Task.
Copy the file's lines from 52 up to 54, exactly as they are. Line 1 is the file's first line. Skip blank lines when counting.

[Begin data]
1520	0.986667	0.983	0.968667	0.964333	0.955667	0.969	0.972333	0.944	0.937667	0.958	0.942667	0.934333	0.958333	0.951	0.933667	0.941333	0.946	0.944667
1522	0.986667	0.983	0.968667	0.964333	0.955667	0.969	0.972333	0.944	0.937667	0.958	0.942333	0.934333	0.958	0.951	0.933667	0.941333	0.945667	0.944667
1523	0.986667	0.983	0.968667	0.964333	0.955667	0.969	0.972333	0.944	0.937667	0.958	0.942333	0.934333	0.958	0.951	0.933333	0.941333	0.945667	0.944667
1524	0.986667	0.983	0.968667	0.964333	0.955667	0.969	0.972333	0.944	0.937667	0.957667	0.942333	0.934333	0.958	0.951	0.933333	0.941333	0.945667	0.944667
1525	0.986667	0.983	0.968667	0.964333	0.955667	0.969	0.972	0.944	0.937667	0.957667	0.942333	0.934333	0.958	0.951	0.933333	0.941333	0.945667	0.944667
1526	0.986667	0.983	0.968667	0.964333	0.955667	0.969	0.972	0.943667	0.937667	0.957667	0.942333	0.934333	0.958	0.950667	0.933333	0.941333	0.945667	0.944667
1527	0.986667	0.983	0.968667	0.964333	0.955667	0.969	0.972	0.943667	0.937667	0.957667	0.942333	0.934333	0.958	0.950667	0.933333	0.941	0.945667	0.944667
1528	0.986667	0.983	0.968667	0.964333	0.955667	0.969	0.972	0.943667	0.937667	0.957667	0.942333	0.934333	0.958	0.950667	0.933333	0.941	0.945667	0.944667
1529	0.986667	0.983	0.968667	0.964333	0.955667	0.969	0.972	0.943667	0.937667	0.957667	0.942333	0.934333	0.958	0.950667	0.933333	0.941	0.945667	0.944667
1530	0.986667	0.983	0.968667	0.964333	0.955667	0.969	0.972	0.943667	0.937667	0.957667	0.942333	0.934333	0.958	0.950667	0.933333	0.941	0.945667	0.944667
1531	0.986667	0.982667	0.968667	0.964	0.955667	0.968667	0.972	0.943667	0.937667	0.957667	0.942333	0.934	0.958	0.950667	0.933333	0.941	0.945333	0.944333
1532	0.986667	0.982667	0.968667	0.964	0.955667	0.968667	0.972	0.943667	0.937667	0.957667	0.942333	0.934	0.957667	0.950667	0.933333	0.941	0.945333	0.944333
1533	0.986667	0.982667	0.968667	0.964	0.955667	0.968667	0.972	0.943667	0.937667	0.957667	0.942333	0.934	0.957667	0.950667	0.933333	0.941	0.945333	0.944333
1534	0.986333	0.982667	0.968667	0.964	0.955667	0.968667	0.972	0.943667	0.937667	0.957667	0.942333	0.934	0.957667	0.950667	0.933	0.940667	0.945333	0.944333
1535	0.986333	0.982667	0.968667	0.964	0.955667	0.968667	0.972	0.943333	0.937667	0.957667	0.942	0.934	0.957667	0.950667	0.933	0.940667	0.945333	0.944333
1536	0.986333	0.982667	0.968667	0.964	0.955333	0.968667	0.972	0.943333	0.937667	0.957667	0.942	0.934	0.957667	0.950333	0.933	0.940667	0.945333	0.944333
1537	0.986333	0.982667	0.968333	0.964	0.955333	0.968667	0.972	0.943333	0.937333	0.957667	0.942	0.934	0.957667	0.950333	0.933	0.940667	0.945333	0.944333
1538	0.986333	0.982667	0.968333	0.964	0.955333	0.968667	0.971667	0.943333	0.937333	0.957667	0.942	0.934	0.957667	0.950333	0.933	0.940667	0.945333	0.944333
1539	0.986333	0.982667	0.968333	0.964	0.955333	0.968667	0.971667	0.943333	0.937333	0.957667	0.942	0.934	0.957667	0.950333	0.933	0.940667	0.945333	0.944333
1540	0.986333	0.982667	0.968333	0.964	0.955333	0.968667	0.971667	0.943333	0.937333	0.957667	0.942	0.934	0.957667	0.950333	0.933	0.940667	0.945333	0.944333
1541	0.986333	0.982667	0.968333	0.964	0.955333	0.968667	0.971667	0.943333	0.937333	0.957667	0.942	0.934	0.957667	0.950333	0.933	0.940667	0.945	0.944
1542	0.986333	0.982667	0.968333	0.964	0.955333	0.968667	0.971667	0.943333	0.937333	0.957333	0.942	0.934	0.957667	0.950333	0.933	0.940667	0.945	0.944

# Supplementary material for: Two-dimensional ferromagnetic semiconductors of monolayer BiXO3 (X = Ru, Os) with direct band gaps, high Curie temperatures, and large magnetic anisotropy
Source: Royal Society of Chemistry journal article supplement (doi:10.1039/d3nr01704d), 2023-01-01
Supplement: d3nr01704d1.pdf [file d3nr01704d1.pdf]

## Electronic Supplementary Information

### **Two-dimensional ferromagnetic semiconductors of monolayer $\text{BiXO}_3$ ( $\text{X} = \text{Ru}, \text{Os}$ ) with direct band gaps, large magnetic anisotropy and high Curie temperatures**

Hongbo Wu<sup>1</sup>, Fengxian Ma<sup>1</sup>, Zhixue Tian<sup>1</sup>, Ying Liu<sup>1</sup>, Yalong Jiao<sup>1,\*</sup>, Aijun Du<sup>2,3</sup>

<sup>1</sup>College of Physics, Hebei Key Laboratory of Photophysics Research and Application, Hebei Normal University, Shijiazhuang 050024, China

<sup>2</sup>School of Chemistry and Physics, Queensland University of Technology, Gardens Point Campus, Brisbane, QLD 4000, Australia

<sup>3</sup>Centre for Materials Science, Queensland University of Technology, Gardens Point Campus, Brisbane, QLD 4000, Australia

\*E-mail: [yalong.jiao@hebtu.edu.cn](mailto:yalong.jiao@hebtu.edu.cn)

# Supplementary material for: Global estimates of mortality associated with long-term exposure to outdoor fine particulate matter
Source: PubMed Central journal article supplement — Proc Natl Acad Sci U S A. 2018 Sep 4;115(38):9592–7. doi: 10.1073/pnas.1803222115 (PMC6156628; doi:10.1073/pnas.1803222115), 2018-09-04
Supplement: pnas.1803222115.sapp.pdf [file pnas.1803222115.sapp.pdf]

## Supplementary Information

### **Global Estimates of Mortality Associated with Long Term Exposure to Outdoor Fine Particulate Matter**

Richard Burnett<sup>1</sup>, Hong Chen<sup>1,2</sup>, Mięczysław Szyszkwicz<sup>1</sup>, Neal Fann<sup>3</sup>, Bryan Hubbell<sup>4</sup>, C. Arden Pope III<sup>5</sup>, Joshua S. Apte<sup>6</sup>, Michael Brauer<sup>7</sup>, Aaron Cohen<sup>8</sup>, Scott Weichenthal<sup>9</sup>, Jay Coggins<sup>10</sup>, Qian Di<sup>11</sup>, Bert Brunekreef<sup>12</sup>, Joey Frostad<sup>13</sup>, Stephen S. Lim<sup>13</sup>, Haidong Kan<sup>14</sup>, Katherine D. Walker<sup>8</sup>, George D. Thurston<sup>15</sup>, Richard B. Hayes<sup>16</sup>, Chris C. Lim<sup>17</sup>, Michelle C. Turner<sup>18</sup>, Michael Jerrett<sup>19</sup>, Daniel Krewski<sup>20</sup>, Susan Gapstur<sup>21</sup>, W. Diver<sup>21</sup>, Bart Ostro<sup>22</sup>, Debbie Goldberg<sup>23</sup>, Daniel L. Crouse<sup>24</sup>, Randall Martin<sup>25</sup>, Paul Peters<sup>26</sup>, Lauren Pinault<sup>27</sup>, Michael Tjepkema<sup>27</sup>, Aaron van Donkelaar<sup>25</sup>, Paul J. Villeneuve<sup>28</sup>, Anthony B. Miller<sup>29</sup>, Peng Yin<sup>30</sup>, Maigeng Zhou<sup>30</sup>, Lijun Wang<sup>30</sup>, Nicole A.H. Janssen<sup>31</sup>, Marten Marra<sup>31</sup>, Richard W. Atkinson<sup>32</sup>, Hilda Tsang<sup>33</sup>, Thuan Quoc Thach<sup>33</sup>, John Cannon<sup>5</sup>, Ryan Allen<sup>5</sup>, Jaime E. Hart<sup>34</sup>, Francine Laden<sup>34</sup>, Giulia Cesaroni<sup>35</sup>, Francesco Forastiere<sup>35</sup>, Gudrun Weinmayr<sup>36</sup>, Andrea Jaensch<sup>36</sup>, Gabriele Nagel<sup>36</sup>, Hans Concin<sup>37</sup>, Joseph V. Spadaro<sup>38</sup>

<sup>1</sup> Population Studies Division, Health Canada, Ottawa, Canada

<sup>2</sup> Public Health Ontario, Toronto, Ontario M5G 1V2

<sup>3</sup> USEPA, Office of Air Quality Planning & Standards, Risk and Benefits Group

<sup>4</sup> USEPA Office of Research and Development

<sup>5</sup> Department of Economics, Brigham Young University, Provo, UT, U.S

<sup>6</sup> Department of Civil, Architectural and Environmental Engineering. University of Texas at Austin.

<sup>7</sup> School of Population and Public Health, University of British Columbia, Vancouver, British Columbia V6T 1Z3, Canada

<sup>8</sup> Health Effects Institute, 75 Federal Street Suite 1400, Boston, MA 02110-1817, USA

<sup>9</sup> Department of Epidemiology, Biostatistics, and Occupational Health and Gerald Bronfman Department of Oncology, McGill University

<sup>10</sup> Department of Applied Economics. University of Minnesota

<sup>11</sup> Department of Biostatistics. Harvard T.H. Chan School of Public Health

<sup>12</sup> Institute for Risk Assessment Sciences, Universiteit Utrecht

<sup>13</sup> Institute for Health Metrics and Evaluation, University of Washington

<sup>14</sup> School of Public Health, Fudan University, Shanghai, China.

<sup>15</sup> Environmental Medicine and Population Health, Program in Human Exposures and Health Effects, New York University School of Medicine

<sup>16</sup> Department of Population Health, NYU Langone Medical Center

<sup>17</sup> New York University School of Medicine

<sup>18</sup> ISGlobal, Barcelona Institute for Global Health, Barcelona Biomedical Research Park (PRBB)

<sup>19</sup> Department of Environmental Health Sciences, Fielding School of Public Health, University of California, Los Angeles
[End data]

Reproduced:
<sup>14</sup> School of Public Health, Fudan University, Shanghai, China.

<sup>15</sup> Environmental Medicine and Population Health, Program in Human Exposures and Health Effects, New York University School of Medicine

<sup>16</sup> Department of Population Health, NYU Langone Medical Center